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Jordan Irabor
Jordan Irabor

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Using Google Analytics with Angular

Google Analytics is known to be very efficient and easy to integrate into web applications. Once installed, it will send detailed information about the navigation history of visitors on the website.

Installing Google Analytics for traditional web applications is as easy as copying and pasting the JavaScript tracking snippet provided on registration of a new property. The only setup necessary is adding the snippet to the <head> tag of the HTML files to be tracked and the entire navigation history of each visitor will be updated in real time.

For SPAs, this is not the case, setting up Google Analytics requires a little more effort.

Do not get lost in the comfort of pasting snippets around because the era of single page applications is forcing developers and non-developers alike to adopt new approaches towards implementing web analytics services on their applications.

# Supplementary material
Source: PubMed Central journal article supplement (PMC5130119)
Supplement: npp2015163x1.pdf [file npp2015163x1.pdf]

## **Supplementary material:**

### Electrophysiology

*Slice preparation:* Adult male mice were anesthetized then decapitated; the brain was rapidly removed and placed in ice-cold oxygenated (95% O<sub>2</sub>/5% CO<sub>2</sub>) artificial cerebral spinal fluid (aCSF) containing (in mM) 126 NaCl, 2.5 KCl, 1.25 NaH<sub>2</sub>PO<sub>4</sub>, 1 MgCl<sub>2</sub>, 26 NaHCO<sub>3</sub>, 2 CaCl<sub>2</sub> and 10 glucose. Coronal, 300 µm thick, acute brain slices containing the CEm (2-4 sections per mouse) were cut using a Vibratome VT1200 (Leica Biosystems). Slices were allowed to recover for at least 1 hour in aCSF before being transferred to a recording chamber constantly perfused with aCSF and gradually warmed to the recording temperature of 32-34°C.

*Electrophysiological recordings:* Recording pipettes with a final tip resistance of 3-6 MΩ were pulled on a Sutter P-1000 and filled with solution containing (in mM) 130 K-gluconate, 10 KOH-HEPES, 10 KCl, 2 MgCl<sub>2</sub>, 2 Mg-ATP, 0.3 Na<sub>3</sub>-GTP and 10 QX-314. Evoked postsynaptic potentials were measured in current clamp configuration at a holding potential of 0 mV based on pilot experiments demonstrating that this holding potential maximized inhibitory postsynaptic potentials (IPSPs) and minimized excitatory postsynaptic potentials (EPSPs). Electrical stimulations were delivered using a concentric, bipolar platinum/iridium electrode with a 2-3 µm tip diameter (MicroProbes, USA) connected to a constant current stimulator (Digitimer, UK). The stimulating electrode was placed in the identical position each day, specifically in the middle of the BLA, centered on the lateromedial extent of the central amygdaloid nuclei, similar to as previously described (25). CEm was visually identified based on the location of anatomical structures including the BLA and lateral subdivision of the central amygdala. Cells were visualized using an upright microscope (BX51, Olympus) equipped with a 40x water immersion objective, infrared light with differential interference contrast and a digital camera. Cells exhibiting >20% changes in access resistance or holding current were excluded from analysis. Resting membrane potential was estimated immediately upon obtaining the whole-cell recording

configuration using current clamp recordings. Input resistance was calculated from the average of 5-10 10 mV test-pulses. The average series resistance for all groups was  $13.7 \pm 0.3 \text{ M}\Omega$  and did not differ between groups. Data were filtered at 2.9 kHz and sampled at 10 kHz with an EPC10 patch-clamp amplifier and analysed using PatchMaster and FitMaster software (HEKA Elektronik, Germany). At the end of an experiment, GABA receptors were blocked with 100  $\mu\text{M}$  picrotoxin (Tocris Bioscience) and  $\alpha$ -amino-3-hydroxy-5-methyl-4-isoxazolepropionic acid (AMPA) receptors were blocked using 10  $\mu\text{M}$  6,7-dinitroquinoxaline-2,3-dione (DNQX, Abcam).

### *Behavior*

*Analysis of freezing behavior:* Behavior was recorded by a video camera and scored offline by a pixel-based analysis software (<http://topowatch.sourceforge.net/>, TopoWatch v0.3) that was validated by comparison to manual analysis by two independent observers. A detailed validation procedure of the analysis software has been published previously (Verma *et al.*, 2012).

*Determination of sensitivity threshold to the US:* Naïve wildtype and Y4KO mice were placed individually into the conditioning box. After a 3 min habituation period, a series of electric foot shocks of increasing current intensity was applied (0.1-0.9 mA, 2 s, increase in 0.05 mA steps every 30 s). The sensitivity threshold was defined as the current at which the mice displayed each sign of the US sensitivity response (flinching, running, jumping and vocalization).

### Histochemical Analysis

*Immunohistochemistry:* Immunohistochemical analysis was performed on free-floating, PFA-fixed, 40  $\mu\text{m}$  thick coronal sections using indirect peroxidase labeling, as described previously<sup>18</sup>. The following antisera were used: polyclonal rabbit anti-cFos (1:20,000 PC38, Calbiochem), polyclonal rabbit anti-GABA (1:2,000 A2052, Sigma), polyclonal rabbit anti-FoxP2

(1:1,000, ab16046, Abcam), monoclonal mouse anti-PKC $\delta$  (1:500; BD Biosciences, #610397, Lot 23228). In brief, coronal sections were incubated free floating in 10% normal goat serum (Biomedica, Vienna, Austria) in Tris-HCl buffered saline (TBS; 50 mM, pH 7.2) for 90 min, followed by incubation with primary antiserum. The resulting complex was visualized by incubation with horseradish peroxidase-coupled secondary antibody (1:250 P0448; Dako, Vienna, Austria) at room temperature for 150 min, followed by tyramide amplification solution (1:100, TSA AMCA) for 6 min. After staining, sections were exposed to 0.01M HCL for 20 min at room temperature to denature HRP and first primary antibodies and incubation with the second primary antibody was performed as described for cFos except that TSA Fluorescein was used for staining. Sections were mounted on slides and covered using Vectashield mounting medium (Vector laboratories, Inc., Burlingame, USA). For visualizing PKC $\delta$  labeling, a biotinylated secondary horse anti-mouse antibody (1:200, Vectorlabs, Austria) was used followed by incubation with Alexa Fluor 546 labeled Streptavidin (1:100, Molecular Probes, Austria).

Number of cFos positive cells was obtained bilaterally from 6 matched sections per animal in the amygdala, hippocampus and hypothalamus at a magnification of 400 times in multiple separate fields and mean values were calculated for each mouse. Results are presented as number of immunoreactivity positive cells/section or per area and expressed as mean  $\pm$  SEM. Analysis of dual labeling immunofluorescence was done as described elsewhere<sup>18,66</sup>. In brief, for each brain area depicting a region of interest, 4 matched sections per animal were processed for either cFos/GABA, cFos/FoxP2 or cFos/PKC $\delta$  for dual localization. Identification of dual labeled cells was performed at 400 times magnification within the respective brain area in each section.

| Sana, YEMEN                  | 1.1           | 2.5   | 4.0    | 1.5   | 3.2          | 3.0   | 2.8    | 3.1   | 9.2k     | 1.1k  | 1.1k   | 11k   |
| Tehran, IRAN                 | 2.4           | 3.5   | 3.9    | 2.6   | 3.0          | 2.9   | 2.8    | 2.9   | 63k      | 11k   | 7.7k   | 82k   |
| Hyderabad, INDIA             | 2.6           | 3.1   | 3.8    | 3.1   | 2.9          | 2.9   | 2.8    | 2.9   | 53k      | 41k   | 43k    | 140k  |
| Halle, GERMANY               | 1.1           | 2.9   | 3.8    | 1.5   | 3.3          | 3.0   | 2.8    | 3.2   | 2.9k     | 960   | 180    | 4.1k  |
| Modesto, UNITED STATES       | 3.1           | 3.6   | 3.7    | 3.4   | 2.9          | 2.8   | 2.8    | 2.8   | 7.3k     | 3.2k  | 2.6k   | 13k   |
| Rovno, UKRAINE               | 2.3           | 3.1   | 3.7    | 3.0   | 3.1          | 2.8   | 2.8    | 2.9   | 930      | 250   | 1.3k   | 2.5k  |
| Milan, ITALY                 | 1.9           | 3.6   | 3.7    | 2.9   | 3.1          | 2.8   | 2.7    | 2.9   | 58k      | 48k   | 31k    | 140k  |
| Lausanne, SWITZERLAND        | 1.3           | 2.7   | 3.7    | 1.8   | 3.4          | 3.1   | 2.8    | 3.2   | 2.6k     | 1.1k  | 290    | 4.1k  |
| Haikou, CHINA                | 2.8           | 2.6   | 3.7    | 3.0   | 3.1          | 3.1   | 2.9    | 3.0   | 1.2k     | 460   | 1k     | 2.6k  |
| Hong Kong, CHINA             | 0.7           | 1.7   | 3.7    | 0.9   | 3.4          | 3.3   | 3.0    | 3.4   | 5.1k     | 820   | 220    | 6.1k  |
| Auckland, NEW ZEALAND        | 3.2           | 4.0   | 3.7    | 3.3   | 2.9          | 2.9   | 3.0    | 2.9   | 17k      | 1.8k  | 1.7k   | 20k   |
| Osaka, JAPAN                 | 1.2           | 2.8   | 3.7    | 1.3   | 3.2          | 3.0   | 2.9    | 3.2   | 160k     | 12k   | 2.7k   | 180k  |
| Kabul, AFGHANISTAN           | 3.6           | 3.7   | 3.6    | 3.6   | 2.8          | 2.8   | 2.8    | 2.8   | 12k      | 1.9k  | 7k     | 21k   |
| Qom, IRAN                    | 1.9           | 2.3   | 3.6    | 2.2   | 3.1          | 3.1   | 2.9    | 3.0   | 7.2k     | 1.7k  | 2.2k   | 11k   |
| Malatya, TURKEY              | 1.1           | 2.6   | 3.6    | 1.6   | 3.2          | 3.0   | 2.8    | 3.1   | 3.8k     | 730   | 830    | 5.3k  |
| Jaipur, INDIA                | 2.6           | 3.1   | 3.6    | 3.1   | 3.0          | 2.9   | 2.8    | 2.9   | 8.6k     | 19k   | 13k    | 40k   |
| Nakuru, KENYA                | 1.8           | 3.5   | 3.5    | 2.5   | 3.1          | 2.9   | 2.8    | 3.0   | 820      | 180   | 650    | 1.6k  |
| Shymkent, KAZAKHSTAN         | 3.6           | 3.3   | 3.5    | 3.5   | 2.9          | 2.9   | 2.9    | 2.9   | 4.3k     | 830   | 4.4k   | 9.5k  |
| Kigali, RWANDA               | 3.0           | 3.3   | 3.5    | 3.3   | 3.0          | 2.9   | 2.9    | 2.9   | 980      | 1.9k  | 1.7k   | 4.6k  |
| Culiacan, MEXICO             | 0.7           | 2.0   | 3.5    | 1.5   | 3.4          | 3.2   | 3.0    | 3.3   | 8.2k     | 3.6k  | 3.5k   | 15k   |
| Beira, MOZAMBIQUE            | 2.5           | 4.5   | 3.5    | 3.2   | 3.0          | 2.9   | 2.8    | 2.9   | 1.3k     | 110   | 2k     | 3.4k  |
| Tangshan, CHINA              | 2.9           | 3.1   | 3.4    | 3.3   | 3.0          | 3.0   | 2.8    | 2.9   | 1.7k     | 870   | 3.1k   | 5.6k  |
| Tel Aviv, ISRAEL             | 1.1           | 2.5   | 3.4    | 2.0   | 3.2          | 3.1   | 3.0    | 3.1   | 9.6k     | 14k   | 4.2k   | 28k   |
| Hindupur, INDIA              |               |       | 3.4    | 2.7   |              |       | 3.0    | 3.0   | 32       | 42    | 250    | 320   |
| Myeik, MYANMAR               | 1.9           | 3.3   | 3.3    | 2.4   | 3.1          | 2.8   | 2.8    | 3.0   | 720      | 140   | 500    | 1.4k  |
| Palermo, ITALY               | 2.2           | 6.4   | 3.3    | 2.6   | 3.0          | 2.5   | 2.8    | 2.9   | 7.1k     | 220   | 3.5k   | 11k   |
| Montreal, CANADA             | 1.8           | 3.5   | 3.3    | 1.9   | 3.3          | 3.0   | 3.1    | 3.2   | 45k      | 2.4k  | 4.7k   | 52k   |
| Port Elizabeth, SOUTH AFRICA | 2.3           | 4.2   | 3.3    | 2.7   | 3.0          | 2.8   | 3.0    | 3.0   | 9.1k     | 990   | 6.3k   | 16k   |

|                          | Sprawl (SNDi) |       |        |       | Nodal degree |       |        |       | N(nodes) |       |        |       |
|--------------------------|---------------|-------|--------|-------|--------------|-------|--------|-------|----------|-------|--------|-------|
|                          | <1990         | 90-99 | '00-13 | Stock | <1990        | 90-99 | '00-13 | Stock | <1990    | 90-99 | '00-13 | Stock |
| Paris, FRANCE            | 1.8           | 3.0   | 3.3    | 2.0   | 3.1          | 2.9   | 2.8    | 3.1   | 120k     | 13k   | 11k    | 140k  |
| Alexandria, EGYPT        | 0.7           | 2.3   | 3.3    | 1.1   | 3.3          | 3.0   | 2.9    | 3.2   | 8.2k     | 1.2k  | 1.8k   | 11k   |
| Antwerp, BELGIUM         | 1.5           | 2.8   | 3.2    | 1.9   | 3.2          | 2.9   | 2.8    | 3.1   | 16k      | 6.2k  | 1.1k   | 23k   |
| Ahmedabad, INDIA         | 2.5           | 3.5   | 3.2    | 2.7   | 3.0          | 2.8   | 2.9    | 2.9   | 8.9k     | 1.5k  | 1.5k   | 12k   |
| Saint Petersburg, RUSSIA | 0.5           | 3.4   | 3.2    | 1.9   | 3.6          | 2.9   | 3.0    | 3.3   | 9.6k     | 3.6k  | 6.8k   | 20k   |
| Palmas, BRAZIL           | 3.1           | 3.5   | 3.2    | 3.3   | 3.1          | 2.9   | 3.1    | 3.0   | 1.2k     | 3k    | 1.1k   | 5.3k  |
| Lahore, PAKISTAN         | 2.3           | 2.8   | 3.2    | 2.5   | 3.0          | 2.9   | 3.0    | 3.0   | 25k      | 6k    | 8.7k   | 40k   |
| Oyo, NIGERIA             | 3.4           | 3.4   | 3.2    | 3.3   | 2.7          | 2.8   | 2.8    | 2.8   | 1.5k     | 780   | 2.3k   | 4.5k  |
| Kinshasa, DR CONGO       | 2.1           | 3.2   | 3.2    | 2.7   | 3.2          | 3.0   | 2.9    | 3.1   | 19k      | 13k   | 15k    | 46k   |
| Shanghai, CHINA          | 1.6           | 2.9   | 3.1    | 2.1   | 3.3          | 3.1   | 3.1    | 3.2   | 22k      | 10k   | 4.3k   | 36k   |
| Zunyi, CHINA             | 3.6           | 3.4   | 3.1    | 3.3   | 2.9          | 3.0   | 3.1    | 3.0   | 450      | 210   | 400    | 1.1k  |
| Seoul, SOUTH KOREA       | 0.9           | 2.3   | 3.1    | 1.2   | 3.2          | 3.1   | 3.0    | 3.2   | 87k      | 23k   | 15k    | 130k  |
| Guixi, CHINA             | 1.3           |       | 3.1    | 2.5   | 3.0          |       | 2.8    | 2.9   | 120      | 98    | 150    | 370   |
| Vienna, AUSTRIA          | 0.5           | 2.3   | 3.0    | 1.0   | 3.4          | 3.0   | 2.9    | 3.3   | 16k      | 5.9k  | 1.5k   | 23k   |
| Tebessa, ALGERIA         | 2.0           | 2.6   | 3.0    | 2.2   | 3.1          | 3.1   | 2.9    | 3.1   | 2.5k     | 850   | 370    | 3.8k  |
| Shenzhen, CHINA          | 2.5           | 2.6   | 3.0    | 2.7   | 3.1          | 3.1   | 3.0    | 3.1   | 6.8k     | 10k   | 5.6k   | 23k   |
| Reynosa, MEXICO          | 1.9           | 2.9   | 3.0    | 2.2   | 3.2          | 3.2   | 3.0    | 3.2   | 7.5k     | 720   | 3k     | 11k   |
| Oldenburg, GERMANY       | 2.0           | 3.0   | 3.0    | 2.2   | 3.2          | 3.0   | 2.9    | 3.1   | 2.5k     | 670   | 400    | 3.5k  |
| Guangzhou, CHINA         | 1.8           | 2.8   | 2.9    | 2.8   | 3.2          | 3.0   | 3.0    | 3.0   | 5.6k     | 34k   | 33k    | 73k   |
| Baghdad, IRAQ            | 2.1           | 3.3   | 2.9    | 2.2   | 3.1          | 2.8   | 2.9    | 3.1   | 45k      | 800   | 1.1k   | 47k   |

Why are SPAs so different?

The JavaScript tracking snippet works well with traditional web applications because whenever a new page is loaded, the snippet is freshly run; hence Google Analytics information is updated for that page. For a SPA where no actual full-page request is made, the analytics.js code will run only once and user navigation information will not be tracked correctly.

In this article, we will write our application to inform Google Analytics on the successful load of every new page and send the correct page information.

Angular is an awesome JavaScript framework for developing single page applications; it has a robust routing framework called the UI-Router that is responsible for updating the view based on the state of the application, this article will mainly discuss how Angular applications can be intentionally written to support Google Analytics services.

The source code is available here on GitHub.

Below is a step by step guide:

Setting up Google Analytics

We begin by setting up a Google Analytics account and registering a property here.

If you have Angular and other modules installed on your local machine, be sure to have the UI-Router module also available because we will be injecting it as a module dependency when initializing our app's main module.

If you'd rather use Angular and other modules from another computer, you can get Angular on this URL and the UI-Router module on this URL (For the sake of this article, I will be referencing Angular and its modules from a CDN).